A melon by any other name might smell as sweet . . .
By Susan Olcott
I recently bought the cutest, roundest little watermelon at the market. One hot summer afternoon after plenty of salty fun in the water, I brought ours down to the beach to cut up only to be pleasantly surprised by a neighbor generously offering us ANOTHER watermelon. Phew – now there might actually be enough for the adults to have some too! This would also make for a fun comparison. The store-bought melon was much sweeter and was the kids’ favorite. But, the flavor of the local melon was much more subtle. It also had plenty of seeds, which were fun to spit into the water. This led me to wonder what makes a melon sweet (or not). I knew how to select for a ripe melon. Sniff the stem end and it should smell sweet and be slightly soft to the touch. Thump it and it should sound hollow. Then, weigh it and make sure it feels heavy for its size – and you should have a ripe melon.
But, I wanted to know more about what causes the differences in sweetness among melons that pass the ripeness tests. My limited knowledge of melons was that they liked hot weather and plenty of water – two things that Maine doesn’t exactly have in excess, so perhaps some of the question can be answered by where the melon was grown. I also guessed that the store-bought melon had been bred for higher sugar content. I found a few additional tips. First, you can spray Boron on watermelon vines, Boron is a mineral that helps to sweeten the fruit – you can make it by mixing a tablespoon of household Borax into a gallon of water. Second, melons really do like sun. If you are growing a melon, you should turn it every few days to expose each part it of it to the sun, helping to sweeten the flesh inside all the way around.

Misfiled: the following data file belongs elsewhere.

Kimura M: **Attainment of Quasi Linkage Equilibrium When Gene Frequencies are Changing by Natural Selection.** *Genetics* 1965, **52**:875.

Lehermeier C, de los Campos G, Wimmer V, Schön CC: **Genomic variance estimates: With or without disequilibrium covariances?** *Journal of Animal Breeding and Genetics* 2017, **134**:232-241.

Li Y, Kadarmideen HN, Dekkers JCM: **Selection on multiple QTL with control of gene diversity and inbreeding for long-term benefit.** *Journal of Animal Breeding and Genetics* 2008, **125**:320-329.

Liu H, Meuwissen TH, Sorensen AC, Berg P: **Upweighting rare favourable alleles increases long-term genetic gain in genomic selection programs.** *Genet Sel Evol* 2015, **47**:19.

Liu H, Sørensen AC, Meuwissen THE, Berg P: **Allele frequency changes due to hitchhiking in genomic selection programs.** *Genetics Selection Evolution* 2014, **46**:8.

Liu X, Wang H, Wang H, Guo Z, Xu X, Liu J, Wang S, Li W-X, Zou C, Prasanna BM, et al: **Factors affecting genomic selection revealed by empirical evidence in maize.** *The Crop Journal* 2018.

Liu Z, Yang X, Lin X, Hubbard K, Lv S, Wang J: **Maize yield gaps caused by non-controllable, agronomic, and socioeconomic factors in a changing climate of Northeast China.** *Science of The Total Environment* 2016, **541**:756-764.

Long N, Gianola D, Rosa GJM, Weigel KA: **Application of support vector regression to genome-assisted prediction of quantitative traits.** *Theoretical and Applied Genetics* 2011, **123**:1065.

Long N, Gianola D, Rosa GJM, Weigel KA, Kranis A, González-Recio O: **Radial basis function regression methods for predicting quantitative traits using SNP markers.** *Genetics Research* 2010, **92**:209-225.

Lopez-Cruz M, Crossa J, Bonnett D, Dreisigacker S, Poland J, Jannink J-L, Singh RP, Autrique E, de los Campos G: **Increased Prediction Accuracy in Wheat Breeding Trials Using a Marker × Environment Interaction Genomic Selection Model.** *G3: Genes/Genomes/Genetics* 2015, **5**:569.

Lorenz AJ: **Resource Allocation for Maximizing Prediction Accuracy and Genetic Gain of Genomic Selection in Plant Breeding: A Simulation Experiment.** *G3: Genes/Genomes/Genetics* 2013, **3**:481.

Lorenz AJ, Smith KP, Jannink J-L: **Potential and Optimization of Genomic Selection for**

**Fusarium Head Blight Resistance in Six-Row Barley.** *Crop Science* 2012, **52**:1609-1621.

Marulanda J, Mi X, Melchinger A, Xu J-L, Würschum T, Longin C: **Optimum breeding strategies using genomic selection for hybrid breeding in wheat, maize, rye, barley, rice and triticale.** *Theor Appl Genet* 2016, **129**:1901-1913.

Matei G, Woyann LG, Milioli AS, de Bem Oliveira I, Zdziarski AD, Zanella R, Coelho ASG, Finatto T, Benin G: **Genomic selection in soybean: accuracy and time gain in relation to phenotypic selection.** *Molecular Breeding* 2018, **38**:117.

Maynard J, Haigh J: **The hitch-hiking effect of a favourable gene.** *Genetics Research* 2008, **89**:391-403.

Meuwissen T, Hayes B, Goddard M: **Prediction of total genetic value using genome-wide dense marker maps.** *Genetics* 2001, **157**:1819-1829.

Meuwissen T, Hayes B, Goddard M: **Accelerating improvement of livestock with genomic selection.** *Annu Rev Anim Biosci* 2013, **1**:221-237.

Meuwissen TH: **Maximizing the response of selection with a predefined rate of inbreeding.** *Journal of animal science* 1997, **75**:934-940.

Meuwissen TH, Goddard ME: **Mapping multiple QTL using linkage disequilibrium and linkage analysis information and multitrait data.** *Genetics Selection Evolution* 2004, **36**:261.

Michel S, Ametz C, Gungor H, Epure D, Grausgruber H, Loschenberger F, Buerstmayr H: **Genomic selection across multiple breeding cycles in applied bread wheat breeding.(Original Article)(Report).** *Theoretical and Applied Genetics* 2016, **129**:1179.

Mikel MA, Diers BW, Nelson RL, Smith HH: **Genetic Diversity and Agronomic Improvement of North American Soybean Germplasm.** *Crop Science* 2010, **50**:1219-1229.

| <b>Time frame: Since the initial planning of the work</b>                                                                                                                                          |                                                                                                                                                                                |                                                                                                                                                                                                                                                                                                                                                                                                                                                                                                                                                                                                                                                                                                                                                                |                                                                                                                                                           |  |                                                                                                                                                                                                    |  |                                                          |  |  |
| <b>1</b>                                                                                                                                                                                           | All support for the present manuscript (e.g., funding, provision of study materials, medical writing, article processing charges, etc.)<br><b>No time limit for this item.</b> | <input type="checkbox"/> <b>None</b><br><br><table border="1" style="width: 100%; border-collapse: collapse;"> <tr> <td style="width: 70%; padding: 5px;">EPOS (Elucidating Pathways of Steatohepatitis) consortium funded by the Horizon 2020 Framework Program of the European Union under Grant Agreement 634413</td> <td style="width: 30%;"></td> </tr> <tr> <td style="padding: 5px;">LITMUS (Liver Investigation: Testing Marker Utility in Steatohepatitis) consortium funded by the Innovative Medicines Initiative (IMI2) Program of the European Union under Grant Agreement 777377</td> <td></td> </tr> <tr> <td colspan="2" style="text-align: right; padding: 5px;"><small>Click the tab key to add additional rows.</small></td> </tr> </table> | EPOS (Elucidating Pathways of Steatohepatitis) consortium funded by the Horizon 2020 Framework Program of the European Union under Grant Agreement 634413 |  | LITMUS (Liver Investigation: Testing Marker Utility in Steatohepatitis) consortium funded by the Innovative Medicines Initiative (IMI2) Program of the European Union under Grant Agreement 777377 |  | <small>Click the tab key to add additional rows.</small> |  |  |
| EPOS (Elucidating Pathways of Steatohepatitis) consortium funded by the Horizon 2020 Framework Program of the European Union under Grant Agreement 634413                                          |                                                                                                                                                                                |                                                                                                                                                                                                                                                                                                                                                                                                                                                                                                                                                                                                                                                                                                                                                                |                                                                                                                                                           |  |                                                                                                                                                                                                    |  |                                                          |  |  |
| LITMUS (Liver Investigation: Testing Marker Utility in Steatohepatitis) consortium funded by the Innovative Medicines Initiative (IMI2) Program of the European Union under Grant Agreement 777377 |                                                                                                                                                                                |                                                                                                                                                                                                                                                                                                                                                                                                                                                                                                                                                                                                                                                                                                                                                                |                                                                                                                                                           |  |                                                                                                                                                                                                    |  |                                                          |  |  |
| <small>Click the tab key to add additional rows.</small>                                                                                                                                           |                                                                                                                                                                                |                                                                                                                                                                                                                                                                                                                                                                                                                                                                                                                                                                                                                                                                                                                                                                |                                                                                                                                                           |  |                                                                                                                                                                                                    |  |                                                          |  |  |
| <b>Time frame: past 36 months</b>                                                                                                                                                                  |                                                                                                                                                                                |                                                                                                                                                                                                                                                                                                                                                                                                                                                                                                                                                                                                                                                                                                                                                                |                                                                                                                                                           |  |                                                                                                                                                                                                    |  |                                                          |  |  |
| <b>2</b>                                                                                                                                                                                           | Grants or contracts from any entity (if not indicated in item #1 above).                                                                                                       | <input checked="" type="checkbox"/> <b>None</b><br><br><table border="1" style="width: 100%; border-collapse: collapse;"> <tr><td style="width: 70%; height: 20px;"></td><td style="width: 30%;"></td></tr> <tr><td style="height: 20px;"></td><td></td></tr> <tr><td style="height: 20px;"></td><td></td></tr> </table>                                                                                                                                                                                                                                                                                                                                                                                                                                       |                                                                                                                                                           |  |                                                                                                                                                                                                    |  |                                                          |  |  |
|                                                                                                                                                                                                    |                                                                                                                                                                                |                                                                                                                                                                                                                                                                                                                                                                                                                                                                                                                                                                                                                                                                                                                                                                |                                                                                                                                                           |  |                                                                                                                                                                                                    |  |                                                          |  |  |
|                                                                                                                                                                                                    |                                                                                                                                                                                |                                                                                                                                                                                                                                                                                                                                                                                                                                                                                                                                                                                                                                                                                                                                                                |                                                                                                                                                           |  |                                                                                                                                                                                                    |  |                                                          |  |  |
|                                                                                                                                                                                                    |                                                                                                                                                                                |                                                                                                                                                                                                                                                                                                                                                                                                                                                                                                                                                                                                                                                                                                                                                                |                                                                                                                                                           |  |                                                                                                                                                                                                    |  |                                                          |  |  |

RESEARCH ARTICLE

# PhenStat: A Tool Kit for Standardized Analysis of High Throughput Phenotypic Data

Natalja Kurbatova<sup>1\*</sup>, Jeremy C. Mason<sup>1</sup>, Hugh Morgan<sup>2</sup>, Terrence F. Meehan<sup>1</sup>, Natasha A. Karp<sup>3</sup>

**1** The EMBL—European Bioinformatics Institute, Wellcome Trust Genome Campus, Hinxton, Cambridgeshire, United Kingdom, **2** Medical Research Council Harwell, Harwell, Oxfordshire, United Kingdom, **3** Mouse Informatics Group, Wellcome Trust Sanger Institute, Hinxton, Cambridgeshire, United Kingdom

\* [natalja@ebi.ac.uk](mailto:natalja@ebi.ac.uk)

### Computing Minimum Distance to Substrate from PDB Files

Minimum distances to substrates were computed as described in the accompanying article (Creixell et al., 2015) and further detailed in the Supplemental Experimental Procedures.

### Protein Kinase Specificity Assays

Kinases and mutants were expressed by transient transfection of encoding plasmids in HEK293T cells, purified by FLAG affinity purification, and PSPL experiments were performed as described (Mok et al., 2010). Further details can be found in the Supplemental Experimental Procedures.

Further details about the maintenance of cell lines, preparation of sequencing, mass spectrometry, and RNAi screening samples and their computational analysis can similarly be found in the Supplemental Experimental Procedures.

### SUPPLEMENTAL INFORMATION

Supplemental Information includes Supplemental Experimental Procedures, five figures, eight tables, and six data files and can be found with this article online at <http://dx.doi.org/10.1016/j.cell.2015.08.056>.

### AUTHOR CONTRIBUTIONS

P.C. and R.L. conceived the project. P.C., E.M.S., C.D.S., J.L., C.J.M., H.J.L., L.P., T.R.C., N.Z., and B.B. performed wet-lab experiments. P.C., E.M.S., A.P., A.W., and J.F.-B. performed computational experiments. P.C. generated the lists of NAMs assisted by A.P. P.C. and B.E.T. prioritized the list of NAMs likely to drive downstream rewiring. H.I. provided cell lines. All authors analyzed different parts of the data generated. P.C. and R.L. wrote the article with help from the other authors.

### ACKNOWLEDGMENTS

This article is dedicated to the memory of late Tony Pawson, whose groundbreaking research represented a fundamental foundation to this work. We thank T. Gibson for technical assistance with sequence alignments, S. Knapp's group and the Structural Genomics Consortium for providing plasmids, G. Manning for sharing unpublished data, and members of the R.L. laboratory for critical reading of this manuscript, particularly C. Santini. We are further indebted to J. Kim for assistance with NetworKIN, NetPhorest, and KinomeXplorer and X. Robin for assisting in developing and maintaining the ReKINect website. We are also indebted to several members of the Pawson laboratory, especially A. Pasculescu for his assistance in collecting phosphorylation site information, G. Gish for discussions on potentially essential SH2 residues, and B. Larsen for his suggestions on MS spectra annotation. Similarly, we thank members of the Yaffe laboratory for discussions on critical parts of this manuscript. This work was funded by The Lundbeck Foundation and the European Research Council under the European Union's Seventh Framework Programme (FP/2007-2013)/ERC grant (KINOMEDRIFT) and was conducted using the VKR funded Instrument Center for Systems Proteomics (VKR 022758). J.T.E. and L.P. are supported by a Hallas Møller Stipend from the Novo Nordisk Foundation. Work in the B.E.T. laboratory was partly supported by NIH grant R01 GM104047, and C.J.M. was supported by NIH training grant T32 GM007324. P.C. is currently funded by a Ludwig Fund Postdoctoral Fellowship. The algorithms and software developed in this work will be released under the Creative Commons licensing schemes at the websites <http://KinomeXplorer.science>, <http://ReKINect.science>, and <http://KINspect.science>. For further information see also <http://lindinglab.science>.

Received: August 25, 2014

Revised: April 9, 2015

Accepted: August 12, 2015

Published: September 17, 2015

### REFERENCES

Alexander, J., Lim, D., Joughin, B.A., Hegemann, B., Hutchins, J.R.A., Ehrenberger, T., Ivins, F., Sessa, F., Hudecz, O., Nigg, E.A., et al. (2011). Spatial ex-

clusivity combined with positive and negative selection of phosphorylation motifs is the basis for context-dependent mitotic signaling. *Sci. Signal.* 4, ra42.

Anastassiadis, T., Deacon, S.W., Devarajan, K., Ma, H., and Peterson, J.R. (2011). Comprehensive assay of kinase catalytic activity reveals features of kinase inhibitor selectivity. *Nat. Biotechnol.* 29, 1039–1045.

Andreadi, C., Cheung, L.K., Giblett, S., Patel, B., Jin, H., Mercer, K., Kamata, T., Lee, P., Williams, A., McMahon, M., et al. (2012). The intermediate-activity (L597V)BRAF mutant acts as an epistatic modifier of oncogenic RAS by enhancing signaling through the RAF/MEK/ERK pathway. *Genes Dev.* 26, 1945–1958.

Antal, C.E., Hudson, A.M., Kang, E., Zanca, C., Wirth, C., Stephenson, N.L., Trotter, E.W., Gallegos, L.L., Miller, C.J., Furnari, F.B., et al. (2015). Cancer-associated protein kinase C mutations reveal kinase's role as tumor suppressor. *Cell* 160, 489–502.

Finally, the lack of natural sweetness in the local watermelon made me ponder what else I could do with it besides just cut it up and eat it raw. I found some inventive ideas that take advantage of the watery nature of melons as well as the gentle almost squash-like flavors that cantaloupe and honeydew can add to a dish. Below are three recipes for three types of melon. The first is a simple summer salad, the second a refreshing drink, and the last is a twist on the classic prosciutto and melon combination.